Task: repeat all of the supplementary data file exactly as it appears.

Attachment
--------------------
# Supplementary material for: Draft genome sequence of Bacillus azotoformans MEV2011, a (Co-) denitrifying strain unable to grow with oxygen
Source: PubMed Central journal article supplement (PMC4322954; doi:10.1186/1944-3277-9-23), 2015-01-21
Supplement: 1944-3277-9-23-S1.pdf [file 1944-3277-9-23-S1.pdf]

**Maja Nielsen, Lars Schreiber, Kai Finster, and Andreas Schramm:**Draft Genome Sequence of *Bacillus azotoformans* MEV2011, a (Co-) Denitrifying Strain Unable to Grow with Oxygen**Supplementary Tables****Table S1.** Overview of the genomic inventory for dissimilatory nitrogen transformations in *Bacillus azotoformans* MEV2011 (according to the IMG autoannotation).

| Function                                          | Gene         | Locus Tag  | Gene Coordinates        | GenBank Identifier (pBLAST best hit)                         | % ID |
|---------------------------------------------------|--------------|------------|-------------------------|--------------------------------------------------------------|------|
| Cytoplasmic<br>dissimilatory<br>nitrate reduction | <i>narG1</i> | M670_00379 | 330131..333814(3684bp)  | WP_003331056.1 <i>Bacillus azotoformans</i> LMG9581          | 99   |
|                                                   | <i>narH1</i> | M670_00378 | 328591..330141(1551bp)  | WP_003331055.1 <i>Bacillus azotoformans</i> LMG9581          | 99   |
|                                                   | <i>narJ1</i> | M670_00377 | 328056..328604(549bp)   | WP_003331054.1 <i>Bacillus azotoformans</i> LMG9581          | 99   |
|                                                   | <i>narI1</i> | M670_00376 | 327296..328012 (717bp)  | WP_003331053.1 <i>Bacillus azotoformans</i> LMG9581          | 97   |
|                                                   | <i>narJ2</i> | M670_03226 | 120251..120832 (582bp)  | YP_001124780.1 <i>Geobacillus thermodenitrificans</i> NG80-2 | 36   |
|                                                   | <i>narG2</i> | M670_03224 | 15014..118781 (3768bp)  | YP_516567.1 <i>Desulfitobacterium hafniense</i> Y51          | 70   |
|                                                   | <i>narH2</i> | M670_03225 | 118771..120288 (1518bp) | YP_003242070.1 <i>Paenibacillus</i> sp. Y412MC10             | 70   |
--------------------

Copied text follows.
# Supplementary material for: Draft genome sequence of Bacillus azotoformans MEV2011, a (Co-) denitrifying strain unable to grow with oxygen
Source: PubMed Central journal article supplement (PMC4322954; doi:10.1186/1944-3277-9-23), 2015-01-21
Supplement: 1944-3277-9-23-S1.pdf [file 1944-3277-9-23-S1.pdf]

**Maja Nielsen, Lars Schreiber, Kai Finster, and Andreas Schramm:**Draft Genome Sequence of *Bacillus azotoformans* MEV2011, a (Co-) Denitrifying Strain Unable to Grow with Oxygen**Supplementary Tables****Table S1.** Overview of the genomic inventory for dissimilatory nitrogen transformations in *Bacillus azotoformans* MEV2011 (according to the IMG autoannotation).

| Function                                          | Gene         | Locus Tag  | Gene Coordinates        | GenBank Identifier (pBLAST best hit)                         | % ID |
|---------------------------------------------------|--------------|------------|-------------------------|--------------------------------------------------------------|------|
| Cytoplasmic<br>dissimilatory<br>nitrate reduction | <i>narG1</i> | M670_00379 | 330131..333814(3684bp)  | WP_003331056.1 <i>Bacillus azotoformans</i> LMG9581          | 99   |
|                                                   | <i>narH1</i> | M670_00378 | 328591..330141(1551bp)  | WP_003331055.1 <i>Bacillus azotoformans</i> LMG9581          | 99   |
|                                                   | <i>narJ1</i> | M670_00377 | 328056..328604(549bp)   | WP_003331054.1 <i>Bacillus azotoformans</i> LMG9581          | 99   |
|                                                   | <i>narI1</i> | M670_00376 | 327296..328012 (717bp)  | WP_003331053.1 <i>Bacillus azotoformans</i> LMG9581          | 97   |
|                                                   | <i>narJ2</i> | M670_03226 | 120251..120832 (582bp)  | YP_001124780.1 <i>Geobacillus thermodenitrificans</i> NG80-2 | 36   |
|                                                   | <i>narG2</i> | M670_03224 | 15014..118781 (3768bp)  | YP_516567.1 <i>Desulfitobacterium hafniense</i> Y51          | 70   |
|                                                   | <i>narH2</i> | M670_03225 | 118771..120288 (1518bp) | YP_003242070.1 <i>Paenibacillus</i> sp. Y412MC10             | 70   |